Perhaps, unintentionally, but Globiuz has the elements of racism, where certain advanced species abhor their weak opponents. Even the humans of Ferania are deemed us 'dogs'. In contrast to the Green Dwarfs, who are welcomed as the victors of their progressing kingdom and other examples.
The magical world
Globiuz tries to be dual - having elemental magic and chaos on one hand, and the science and grueling reality on the other. In a different continent of the free world there are certainly slaves, drunkards, monsters and freaks, monarchs and psychos, but there are really few left who preserve magic.
Globiuz is a search for magic that was lost with the folk tales centuries ago, the departure from youth, people once believed in. The magic nook of Amber Heights that still preserved that notion and relation to the myths, was the last stronghold the dwellers believed in.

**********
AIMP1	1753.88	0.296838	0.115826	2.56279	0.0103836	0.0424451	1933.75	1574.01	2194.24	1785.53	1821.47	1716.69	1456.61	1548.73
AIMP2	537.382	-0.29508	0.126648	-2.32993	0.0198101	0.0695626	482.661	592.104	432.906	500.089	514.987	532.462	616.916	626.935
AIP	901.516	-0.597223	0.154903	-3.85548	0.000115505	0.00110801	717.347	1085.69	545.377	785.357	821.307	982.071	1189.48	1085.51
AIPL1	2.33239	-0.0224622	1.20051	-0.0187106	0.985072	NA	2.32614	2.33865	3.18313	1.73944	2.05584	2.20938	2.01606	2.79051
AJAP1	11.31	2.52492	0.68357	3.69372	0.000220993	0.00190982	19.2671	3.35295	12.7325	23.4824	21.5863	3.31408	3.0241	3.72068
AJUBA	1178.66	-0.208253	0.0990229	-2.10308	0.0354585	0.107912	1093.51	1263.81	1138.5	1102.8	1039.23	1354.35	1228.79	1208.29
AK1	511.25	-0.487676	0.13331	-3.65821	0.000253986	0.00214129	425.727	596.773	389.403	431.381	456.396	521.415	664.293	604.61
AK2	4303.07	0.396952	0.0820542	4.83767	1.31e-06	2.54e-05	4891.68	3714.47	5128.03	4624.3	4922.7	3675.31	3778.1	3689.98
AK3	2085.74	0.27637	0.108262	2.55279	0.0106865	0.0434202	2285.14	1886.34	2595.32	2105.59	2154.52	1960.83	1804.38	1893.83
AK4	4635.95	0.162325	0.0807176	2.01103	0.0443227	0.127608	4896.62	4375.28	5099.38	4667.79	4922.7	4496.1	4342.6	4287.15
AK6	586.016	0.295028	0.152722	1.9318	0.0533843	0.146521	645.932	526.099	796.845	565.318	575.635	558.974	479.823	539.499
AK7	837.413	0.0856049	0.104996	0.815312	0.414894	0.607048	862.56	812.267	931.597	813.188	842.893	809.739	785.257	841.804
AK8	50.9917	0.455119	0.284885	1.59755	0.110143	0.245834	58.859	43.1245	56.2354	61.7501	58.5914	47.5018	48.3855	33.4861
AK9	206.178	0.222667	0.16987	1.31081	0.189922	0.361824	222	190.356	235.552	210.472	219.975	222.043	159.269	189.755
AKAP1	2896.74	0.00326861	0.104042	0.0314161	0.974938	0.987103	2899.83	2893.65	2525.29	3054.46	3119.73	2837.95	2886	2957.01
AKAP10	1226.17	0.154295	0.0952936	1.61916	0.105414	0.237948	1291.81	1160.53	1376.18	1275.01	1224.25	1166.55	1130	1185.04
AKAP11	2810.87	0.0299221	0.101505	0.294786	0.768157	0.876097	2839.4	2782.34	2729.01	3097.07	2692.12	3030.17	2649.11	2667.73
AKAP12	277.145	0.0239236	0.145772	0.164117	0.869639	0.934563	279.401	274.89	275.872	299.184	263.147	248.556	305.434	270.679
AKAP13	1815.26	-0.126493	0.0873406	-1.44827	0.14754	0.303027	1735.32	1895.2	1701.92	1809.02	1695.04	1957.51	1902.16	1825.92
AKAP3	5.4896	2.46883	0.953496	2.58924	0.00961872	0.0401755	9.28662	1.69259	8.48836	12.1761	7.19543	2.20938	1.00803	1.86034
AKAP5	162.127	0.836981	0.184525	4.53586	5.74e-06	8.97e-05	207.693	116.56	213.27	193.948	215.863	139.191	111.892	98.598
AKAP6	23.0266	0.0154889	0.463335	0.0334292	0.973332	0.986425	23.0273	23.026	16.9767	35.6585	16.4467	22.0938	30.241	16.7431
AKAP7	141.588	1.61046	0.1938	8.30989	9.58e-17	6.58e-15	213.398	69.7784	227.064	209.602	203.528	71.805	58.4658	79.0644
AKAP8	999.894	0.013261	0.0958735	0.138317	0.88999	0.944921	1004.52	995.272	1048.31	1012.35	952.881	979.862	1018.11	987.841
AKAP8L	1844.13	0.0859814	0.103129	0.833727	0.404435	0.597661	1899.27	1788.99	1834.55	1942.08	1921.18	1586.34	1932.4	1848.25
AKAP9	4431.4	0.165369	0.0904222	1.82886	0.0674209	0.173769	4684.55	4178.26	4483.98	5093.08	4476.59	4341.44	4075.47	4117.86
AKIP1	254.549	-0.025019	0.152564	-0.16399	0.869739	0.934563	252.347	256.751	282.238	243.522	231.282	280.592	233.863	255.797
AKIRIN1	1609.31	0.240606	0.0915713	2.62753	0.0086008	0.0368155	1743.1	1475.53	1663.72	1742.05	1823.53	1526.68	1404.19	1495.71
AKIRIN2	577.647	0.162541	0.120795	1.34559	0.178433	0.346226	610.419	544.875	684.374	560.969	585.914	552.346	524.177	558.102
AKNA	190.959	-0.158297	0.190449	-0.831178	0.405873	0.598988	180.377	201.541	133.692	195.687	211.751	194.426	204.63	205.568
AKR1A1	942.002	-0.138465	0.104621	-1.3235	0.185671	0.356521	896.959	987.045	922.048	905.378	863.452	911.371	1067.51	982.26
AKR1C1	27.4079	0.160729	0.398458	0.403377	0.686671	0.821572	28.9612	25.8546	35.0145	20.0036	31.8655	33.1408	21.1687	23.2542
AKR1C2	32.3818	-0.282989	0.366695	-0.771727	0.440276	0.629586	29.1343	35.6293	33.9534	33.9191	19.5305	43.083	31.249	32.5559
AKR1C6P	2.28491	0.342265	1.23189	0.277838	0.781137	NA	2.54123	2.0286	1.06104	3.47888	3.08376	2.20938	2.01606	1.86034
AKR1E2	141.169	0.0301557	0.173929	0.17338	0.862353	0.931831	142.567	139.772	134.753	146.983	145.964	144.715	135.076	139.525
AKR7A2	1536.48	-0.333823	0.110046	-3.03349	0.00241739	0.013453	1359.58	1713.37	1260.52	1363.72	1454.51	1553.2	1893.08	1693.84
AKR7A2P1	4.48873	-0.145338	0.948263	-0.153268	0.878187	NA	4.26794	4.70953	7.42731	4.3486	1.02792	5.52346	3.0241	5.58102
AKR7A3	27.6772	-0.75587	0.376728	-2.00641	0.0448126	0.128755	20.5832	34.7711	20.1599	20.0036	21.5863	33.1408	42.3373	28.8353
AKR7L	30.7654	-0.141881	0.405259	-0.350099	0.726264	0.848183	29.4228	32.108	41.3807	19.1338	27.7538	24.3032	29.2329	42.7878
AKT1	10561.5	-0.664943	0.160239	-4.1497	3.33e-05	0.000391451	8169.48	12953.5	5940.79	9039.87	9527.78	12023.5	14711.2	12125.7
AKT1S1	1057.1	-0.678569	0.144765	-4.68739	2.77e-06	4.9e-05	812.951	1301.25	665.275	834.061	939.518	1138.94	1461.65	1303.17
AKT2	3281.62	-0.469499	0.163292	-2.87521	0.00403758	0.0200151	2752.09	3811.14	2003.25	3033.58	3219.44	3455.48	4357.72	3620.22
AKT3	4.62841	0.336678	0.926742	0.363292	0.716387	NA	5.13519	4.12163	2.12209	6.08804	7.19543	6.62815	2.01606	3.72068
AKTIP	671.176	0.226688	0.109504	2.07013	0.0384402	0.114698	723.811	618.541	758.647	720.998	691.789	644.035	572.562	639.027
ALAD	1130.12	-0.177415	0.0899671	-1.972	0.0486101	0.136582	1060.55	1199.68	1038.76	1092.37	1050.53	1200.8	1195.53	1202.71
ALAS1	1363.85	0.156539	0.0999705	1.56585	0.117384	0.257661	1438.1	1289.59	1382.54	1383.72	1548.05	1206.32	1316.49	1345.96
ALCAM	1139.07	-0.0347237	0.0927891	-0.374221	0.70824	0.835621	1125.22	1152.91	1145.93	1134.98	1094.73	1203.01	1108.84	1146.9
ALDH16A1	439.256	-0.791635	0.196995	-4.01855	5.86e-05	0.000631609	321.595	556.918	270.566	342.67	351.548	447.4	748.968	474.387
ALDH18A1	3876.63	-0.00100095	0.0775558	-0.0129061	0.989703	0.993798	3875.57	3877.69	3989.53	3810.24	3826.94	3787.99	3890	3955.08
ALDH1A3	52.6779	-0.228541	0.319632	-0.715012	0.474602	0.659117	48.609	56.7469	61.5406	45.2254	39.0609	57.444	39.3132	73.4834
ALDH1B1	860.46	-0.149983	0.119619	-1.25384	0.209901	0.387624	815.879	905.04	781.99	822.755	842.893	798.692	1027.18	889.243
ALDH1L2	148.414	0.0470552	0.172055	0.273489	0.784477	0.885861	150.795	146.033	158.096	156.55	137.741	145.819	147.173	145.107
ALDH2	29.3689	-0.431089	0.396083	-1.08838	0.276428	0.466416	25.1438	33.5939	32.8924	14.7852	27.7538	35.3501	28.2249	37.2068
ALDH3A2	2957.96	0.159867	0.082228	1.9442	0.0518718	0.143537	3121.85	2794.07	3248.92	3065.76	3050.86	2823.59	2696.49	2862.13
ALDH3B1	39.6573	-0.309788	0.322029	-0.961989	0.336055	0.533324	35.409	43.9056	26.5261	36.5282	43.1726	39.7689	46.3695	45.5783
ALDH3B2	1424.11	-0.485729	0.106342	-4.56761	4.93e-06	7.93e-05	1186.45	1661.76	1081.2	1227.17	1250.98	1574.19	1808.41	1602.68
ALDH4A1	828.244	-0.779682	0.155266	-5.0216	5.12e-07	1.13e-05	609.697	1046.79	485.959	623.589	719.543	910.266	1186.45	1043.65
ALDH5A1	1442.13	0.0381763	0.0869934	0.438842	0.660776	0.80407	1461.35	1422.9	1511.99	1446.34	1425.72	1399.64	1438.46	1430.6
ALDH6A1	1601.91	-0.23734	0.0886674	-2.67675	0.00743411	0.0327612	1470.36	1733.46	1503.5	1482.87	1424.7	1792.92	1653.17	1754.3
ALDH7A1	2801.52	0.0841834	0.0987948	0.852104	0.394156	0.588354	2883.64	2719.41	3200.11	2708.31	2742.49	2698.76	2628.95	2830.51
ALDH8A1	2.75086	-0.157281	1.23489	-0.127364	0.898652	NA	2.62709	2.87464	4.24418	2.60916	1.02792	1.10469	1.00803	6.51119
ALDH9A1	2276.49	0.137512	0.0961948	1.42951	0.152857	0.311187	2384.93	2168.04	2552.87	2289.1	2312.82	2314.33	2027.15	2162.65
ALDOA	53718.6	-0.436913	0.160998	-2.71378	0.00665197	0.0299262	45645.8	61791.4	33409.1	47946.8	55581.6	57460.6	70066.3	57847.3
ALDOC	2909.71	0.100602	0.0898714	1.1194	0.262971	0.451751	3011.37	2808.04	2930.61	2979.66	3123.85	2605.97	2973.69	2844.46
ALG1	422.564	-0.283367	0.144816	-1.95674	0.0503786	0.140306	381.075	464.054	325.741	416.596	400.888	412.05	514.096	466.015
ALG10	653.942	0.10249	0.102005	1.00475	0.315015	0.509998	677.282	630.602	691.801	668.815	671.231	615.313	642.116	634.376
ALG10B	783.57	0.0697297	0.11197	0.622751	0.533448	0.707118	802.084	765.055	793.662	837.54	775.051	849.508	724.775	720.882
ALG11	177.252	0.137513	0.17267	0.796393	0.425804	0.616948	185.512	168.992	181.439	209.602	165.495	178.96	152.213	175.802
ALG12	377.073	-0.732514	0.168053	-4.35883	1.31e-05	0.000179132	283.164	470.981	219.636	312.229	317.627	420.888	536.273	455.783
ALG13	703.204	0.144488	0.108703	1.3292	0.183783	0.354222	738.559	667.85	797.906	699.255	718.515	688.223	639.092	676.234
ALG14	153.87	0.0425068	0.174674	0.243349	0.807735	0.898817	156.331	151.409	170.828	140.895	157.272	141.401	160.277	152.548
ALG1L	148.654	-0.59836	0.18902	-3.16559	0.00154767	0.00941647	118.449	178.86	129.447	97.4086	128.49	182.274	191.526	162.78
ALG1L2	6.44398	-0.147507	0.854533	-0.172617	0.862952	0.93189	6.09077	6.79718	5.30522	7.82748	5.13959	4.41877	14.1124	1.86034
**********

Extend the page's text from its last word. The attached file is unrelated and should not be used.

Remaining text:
Those folk tales were told as if they were real, as if some Trunkets or Hedgen themselves saw the magic. But the time expunged the borders and the appeal to the magical sense. We see that Globiuz is not naturally eager to explain or exploit the military side of the novel and keeps the wizardry exploring. Instead, we see that the magic we refer to, is the lost human craft that was forgotten over centuries, instead revealing the human demise in the face of the civilization. Feranians, as the example of the last remaining humans reveal us that the humans once were in dominance in that field of knowledge.
In the cemetery of the Esper, we meet the necromancer who is eager to tell about the souls of the dead. Even he yearns the ordinary life of simple folks, instead of being cursed to resurrect the dead.
The search for soul and magic, the answers our humanity was always seeking for, has been re-defined in Globiuz. Not only the science, this time, but the spiritual magic of the folk tales help us to understand ourselves.